From here, the show moves into modern issues, projecting numbers (from January through June ICE arrested more than 75,000 people) and recounting policies the current administration has attempted to push through regarding the Muslim ban and repeal of DACA.

Enduring xenophobia and racism are represented in portraits of people holding protest signs and pictures from the Unite the Right rally in Charlottesville, capped off with the everlastingly jarring photo of James Fields Jr.’s car plowing into a crowd of anti-racist protesters, which resulted in the murder of Heather Heyer.

TableTopOpera leaves us on a note of hope with a series of images of people being sworn in as new citizens, beaming and bearing the stars and stripes.

"Within the Quota" will be not performed again during Fringe 2017, but you can find more abut TableTopOpera at tabletopopera.com.


A scene from "Nowhere," part of Chuck Harrison's "You're Being Watched." - PHOTO BY JOSH SAUNDERS
  • PHOTO BY JOSH SAUNDERS
  • A scene from "Nowhere," part of Chuck Harrison's "You're Being Watched."
A talk back with an immigration lawyer and workers’ rights advocate was scheduled for after the production, but being that I had to bike my butt off to the next show I was covering, I missed it. So I’m deeply interested in hearing thoughts or a recap from anyone who stayed.

I ended my evening at MuCCC for illustrator and author Chuck Harrison’s “You’re Being Watched,” a series of three original one-act plays. Harrison is talented and prolific in his work, but he’s also a wonderful conversationalist — the kind of person you’re always stoked to run into and engage in sarcasm-riddled chatter with for an unexpected span of time. And turns out, he’s a damn good playwright, too.

The plays were hilariously scripted and acted by the small company of rotating players, striking a good approach of tackling disturbing topics with non-cloying levity. I am not gonna spoil these too badly because I really hope they get staged again and more people get to see them. Do it, Chuck & co., I'm begging ya.

The production opens with “Nowhere,” a rather bleak story about accidental death and what we’ll do to save our own skins. After Betty (a fierce Olivia Knowlden) has a vicious fight on the phone with her boyfriend, she’s struck by not one, but three cars, and killed. The scene where the drivers confront one another contains some extremely clever sound effects and props in lieu of having actual cars on stage.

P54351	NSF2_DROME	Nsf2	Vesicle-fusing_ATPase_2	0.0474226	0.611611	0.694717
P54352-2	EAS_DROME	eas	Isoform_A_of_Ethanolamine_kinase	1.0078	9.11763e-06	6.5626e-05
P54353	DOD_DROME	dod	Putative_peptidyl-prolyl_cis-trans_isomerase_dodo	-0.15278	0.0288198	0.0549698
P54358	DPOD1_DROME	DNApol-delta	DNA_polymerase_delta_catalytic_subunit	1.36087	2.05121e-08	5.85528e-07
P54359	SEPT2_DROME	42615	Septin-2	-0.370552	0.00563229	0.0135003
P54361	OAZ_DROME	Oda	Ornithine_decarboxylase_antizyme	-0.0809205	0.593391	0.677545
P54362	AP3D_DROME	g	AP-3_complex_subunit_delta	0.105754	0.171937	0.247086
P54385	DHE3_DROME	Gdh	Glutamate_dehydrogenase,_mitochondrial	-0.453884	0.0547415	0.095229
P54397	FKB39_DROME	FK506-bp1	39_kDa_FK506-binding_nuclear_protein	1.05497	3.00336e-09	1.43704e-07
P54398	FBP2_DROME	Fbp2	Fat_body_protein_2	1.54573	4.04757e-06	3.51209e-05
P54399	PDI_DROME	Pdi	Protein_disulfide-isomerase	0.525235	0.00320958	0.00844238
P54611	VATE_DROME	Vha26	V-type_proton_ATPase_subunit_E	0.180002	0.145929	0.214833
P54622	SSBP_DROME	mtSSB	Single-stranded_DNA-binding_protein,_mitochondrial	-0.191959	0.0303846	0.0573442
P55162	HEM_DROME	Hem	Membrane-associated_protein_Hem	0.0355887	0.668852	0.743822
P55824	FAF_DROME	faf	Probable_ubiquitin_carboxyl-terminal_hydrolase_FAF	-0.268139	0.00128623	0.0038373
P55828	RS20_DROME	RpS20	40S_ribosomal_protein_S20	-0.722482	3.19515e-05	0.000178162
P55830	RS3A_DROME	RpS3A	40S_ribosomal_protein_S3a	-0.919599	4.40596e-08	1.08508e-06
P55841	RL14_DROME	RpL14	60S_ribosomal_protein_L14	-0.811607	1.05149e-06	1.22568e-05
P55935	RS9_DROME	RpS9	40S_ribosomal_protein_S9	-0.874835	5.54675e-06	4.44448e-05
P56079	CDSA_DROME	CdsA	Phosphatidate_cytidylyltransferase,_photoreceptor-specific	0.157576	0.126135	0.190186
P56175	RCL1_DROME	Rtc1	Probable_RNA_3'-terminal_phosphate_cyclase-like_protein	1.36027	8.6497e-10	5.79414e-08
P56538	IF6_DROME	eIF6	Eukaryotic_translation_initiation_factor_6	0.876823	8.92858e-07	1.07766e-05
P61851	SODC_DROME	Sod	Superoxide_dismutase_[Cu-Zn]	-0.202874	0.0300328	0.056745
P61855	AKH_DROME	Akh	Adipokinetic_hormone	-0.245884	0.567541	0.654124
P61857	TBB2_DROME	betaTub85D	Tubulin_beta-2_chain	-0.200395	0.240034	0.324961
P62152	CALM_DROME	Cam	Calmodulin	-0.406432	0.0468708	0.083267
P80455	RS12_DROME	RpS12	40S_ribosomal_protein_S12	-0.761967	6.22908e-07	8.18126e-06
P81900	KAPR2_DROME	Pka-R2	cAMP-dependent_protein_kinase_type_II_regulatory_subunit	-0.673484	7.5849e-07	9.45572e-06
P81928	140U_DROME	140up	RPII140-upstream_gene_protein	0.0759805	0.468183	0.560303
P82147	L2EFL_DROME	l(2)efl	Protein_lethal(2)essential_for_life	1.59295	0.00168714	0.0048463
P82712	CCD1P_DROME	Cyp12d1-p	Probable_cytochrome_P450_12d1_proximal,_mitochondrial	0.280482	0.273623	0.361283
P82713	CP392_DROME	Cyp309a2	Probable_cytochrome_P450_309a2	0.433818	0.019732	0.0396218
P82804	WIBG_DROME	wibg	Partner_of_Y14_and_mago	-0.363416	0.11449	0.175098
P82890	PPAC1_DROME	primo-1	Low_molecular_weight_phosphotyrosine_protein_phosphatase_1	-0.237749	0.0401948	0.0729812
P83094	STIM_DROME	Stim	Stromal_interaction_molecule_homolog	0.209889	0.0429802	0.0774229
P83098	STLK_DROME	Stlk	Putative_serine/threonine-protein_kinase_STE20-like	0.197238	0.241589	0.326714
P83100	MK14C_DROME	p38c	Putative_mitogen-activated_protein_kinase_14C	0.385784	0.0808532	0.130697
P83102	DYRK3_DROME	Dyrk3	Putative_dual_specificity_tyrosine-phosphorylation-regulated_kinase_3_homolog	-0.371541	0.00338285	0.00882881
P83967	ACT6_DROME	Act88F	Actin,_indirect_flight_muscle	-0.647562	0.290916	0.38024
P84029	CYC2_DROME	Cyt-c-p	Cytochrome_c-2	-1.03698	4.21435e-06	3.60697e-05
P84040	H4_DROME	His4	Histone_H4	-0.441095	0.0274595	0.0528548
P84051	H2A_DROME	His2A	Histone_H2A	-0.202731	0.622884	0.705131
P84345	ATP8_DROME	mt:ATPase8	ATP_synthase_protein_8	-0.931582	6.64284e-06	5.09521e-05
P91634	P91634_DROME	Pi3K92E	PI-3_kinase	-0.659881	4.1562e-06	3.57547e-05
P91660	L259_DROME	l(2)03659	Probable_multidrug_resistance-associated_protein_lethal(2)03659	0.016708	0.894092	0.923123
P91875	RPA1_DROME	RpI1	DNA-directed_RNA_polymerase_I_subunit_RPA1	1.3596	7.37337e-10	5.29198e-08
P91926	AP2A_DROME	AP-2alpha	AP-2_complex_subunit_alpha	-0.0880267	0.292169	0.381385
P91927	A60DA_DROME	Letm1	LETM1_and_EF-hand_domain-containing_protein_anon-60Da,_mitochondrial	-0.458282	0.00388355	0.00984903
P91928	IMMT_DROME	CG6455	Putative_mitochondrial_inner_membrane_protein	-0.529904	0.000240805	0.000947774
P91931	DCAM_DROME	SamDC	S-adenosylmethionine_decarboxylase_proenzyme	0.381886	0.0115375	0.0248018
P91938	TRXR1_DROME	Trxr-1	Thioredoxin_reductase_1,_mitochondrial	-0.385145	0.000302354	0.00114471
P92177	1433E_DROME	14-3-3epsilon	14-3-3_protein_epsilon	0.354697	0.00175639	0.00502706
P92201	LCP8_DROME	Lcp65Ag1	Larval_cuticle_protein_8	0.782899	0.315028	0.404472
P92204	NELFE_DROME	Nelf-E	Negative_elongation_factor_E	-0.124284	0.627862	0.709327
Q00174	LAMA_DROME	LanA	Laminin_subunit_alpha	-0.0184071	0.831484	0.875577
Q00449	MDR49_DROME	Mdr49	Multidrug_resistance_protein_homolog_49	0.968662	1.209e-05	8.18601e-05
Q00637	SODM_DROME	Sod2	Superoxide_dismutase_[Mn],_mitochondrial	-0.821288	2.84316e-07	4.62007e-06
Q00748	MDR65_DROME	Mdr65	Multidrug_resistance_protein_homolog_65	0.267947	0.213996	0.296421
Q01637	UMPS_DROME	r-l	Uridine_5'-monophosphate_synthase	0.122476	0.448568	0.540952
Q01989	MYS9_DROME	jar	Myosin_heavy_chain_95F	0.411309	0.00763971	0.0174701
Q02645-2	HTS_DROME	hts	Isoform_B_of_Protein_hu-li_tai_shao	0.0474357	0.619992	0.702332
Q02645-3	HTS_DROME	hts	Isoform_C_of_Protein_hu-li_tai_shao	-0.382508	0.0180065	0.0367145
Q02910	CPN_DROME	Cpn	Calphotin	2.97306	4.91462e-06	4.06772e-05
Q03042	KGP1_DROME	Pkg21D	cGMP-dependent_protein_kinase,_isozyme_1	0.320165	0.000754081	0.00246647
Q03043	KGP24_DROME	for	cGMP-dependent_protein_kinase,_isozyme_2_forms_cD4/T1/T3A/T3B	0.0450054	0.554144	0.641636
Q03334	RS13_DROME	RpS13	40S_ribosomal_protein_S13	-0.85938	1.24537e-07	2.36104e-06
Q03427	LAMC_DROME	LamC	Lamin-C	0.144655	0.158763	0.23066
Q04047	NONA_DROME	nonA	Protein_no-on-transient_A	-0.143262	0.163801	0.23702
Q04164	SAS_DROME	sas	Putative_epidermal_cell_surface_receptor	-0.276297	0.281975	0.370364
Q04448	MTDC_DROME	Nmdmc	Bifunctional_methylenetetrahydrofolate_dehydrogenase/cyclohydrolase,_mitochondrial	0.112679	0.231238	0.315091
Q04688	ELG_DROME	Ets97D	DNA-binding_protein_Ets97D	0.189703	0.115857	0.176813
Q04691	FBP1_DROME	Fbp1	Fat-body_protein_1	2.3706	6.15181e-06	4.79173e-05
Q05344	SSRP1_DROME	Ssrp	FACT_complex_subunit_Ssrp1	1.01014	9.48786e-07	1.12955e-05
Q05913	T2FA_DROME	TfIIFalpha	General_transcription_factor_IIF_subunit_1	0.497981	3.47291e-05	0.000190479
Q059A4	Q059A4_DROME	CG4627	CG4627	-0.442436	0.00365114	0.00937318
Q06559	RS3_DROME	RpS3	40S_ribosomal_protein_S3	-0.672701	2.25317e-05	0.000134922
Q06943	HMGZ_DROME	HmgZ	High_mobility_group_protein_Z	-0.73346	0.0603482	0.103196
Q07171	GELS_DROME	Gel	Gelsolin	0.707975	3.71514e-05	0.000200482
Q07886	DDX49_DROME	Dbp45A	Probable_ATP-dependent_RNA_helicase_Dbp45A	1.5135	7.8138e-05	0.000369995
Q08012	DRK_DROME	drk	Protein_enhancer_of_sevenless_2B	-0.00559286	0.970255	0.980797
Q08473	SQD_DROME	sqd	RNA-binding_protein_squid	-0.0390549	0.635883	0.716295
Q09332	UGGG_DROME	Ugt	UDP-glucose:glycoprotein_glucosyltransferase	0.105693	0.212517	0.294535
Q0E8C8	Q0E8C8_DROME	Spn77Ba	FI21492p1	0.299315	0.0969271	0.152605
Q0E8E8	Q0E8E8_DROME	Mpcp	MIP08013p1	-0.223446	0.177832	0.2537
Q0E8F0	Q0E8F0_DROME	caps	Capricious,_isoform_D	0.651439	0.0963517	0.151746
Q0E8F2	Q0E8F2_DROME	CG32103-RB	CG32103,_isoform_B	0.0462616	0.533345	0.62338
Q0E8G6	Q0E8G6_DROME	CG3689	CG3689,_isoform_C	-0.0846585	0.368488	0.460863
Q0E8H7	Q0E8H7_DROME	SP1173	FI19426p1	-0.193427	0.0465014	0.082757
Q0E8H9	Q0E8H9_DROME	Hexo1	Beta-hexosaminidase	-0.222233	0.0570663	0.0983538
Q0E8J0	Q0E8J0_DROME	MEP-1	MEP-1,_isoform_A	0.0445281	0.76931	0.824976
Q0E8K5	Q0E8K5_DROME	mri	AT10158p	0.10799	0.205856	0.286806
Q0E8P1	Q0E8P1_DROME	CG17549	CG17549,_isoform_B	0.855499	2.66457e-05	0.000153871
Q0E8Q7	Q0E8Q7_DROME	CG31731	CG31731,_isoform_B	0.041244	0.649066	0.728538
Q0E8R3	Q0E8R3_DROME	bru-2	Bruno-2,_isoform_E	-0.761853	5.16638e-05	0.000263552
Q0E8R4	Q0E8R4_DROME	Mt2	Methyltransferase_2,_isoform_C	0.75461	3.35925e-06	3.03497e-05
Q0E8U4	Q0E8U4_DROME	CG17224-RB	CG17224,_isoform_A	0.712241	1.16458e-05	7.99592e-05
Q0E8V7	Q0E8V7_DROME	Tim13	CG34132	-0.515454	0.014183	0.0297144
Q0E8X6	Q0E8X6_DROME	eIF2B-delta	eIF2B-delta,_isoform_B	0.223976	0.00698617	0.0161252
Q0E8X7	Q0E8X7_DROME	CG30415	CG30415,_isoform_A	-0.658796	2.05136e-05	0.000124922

Each of the three culpable people (Paul Scheib, Chris Toia, and Gretchen Woodworth) has a past or is in a state that leaves them vulnerable to punishment. Will they alert the authorities?

Next up “God’s Father, or: How to Draw Comics the Freelance Way,” about a freelance illustrator who’s just trying to make enough scratch to keep a roof over his head. This is without a doubt Harrison exorcising his demons of frustration. Tasked with a job he loathes, Jack (the absolute expert Jonathan Porter) moves the play along at a rapid clip with cuss-riddled, ranting soliloquies — paused only for a couple of phone calls, with his hot shot editor and then to banter with a bestie — to the voices in his head (the audience). The script is killer and clearly a cathartic cleanse for the author.

The show wrapped with “42 A.C.E.,” an incredibly clever projection of life in America after rebels lost a war with the “corporatists” — because they ran out of the weapons that the corporations make. The Reconstructed USA (RUSA) live in compounds underground, and this story focuses on one family who are engaged in learning the history of the 20-year war. Revelations abound and family alliances are challenged.

The whole conversation between family members as they help the youngest daughter with her history lesson is a smart storytelling tactic, and keeps the audience engaged while providing a backstory for the current circumstances.

A tiny drone makes an appearance on stage. A corporate suit makes an appearance as well, appealing to the audience to rat out anyone they see engaging in egalitarianism and heaven forbid, giving something away for free.

Harrison’s script is rife with subtle jabs at corporations and where they are taking us, with a not so-subtle message: Resist.

You’re Being Watched” will not be performed again during Fringe 2017.